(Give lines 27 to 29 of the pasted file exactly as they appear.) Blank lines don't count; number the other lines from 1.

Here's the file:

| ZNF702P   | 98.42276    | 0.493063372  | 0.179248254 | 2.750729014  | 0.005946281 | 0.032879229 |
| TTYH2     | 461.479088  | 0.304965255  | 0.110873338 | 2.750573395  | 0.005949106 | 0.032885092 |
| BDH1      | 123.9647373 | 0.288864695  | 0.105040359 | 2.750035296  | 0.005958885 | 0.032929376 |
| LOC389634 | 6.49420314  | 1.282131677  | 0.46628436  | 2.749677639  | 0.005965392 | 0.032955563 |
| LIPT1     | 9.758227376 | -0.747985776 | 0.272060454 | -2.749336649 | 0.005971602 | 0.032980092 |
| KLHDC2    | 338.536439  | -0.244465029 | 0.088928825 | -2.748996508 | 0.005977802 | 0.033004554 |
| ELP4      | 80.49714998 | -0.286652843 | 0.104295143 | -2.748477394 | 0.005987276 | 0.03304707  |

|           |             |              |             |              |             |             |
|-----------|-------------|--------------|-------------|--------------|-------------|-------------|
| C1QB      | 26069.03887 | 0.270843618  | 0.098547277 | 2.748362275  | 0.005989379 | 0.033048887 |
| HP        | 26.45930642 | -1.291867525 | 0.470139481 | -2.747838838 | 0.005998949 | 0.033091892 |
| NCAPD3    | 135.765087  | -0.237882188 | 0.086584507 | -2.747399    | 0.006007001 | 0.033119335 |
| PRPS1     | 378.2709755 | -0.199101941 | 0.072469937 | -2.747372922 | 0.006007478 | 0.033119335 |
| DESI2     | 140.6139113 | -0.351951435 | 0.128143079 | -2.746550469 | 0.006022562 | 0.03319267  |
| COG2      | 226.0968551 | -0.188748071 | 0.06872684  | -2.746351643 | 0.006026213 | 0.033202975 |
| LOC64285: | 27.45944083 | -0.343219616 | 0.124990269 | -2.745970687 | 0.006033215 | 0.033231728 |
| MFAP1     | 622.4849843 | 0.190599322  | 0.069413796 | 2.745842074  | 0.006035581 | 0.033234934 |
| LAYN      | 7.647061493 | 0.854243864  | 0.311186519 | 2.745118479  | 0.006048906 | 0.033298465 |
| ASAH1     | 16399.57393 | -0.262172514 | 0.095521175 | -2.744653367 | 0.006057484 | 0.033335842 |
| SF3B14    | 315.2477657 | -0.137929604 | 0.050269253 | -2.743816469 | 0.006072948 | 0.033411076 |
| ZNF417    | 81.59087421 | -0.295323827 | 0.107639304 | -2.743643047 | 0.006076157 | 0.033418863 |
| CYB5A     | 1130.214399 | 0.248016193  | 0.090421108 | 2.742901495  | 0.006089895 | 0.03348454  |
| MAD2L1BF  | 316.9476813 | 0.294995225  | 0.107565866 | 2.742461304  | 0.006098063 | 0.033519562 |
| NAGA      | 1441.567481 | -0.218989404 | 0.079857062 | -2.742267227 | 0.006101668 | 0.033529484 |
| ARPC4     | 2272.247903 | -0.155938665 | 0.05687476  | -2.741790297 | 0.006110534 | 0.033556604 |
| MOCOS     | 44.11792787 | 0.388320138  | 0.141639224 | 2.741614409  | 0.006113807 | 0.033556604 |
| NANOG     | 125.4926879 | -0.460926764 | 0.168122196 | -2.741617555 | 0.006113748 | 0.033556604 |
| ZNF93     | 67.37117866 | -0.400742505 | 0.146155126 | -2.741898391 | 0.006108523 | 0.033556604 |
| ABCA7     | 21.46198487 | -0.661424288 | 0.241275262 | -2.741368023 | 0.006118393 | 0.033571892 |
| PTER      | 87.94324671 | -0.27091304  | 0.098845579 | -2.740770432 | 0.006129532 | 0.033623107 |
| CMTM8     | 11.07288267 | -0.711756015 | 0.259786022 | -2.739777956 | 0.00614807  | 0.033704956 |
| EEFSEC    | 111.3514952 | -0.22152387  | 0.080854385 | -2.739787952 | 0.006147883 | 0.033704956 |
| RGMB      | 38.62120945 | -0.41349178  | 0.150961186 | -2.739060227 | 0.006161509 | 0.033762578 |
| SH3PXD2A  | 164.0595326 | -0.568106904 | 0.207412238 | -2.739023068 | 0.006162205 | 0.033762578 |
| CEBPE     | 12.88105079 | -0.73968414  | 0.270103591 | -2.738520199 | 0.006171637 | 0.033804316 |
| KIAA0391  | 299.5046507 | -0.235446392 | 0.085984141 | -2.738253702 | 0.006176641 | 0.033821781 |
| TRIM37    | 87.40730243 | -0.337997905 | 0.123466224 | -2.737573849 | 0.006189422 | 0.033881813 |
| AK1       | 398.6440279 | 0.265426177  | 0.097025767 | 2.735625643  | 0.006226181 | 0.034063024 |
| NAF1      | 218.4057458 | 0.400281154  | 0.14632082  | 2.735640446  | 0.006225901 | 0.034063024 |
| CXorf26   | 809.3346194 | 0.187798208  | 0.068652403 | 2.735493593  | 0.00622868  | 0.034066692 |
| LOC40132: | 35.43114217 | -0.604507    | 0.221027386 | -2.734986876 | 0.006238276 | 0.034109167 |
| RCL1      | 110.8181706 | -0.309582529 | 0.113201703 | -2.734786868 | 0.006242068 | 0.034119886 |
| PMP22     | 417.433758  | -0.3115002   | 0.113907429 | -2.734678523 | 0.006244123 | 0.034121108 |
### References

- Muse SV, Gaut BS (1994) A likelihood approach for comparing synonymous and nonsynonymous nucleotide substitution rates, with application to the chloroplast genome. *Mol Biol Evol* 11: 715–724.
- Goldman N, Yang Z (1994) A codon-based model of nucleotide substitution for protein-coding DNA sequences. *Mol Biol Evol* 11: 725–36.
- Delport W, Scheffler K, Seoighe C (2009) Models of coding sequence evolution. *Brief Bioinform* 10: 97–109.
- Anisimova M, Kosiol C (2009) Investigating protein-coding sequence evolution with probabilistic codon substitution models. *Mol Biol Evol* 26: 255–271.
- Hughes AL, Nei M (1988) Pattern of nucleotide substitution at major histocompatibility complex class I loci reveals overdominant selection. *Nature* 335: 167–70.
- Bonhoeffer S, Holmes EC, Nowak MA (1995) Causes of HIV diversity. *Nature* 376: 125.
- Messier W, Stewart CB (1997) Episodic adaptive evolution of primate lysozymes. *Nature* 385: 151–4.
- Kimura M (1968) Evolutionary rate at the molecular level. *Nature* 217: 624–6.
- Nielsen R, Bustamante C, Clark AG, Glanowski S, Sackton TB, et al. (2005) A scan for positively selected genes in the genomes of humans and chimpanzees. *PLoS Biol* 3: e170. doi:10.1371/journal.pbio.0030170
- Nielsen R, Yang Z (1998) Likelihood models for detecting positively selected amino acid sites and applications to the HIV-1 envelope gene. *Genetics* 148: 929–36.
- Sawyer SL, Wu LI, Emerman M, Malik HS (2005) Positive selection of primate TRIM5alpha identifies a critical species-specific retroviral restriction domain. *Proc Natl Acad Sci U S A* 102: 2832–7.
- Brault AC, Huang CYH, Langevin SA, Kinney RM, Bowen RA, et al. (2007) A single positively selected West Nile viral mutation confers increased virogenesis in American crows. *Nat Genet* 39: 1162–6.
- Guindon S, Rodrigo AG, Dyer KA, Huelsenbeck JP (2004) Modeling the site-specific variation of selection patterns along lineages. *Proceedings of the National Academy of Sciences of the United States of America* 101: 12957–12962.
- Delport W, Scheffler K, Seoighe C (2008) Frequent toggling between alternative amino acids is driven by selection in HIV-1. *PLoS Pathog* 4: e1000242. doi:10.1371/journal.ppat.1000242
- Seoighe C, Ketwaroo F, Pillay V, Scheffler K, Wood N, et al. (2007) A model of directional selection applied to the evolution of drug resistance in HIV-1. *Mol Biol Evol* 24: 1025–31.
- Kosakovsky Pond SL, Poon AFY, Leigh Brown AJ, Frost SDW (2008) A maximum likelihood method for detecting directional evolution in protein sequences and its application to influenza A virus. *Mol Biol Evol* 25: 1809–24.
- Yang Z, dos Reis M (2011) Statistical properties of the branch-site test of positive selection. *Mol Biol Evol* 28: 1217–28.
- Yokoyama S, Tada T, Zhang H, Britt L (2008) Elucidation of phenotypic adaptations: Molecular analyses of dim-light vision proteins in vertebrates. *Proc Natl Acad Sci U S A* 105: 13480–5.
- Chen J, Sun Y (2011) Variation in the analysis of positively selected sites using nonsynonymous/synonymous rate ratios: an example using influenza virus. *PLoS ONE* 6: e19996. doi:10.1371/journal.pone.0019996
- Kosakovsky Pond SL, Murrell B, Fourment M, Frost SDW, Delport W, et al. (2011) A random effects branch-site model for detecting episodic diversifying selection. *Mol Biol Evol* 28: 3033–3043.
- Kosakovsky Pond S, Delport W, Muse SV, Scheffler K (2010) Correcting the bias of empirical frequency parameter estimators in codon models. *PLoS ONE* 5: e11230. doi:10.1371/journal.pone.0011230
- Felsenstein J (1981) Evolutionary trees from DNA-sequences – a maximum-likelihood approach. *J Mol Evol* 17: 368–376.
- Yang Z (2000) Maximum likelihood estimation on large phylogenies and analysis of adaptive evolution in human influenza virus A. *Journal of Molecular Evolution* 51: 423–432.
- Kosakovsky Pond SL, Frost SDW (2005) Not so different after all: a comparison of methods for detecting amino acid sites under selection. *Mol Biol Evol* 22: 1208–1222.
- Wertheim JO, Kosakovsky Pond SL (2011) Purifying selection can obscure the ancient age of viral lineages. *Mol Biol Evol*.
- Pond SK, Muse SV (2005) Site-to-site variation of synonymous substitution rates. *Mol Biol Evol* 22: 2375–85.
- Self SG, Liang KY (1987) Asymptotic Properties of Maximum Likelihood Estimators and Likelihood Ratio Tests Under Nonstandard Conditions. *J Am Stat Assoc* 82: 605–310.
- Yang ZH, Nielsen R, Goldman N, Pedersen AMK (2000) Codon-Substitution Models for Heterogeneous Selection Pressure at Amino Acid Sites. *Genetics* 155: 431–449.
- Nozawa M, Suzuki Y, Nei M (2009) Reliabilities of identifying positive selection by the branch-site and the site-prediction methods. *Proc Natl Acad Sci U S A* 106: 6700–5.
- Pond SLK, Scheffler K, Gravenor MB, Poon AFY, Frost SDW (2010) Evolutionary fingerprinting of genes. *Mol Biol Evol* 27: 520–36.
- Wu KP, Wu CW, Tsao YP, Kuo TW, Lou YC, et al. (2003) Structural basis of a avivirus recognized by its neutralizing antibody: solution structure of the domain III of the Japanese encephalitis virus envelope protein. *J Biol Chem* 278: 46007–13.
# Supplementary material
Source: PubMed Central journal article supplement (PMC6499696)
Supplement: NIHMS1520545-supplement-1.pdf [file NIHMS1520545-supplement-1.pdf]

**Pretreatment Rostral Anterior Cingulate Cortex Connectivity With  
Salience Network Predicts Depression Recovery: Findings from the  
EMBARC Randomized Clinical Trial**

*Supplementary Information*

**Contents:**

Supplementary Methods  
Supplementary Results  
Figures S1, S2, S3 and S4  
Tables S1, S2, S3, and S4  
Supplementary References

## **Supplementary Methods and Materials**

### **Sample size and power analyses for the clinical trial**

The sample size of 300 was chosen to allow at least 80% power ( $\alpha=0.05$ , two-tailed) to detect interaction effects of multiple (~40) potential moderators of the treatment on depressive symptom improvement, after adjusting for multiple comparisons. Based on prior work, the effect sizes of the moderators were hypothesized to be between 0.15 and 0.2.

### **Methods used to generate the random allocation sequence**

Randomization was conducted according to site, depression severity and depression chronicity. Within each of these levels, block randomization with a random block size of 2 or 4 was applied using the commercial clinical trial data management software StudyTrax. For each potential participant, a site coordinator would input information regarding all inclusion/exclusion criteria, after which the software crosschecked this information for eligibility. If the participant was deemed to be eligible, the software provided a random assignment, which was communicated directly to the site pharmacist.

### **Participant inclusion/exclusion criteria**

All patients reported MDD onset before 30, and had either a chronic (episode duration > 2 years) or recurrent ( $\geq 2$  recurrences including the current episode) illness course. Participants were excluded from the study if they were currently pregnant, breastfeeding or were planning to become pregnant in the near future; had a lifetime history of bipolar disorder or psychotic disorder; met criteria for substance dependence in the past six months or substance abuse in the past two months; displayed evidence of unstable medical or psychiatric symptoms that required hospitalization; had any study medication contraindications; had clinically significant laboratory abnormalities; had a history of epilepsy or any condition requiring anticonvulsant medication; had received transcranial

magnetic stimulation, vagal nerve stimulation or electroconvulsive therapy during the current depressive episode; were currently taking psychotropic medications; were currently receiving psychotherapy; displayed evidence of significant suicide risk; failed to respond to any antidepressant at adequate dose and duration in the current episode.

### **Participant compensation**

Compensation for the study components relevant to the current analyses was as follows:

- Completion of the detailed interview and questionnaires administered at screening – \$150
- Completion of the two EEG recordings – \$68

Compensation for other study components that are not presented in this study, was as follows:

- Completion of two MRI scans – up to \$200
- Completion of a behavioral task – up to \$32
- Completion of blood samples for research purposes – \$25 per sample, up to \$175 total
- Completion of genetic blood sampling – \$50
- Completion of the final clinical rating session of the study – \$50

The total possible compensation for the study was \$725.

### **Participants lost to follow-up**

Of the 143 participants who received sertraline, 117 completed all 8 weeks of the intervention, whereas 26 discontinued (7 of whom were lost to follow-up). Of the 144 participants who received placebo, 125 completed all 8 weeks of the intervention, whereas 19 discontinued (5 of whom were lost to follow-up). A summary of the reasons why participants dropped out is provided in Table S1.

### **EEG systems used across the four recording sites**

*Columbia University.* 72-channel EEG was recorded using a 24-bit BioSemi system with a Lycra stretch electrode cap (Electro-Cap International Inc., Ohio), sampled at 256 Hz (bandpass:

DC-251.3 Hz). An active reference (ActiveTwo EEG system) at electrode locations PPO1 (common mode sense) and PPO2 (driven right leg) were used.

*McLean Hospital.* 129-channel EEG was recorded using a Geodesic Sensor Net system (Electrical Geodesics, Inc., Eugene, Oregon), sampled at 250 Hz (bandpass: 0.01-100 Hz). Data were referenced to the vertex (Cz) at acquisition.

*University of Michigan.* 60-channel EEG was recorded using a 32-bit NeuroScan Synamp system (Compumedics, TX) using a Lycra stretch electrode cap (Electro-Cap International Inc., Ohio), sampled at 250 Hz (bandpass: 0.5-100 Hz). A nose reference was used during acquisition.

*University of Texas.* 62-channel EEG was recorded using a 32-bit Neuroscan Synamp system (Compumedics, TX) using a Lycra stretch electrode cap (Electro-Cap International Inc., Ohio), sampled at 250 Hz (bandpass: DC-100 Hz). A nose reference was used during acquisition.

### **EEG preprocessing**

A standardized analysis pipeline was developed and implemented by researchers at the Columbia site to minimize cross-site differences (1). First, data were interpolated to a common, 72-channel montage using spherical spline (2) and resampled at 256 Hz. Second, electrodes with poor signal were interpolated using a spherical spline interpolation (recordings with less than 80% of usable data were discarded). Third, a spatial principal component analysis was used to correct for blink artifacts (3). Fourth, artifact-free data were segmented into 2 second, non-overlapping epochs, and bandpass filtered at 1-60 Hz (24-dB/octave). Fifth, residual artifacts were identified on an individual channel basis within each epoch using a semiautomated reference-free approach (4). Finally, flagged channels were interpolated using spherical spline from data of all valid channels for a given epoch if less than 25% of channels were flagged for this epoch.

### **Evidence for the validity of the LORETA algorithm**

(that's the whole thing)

| NANOG     | 125.4926879 | -0.460926764 | 0.168122196 | -2.741617555 | 0.006113748 | 0.033556604 |
| ZNF93     | 67.37117866 | -0.400742505 | 0.146155126 | -2.741898391 | 0.006108523 | 0.033556604 |
| ABCA7     | 21.46198487 | -0.661424288 | 0.241275262 | -2.741368023 | 0.006118393 | 0.033571892 |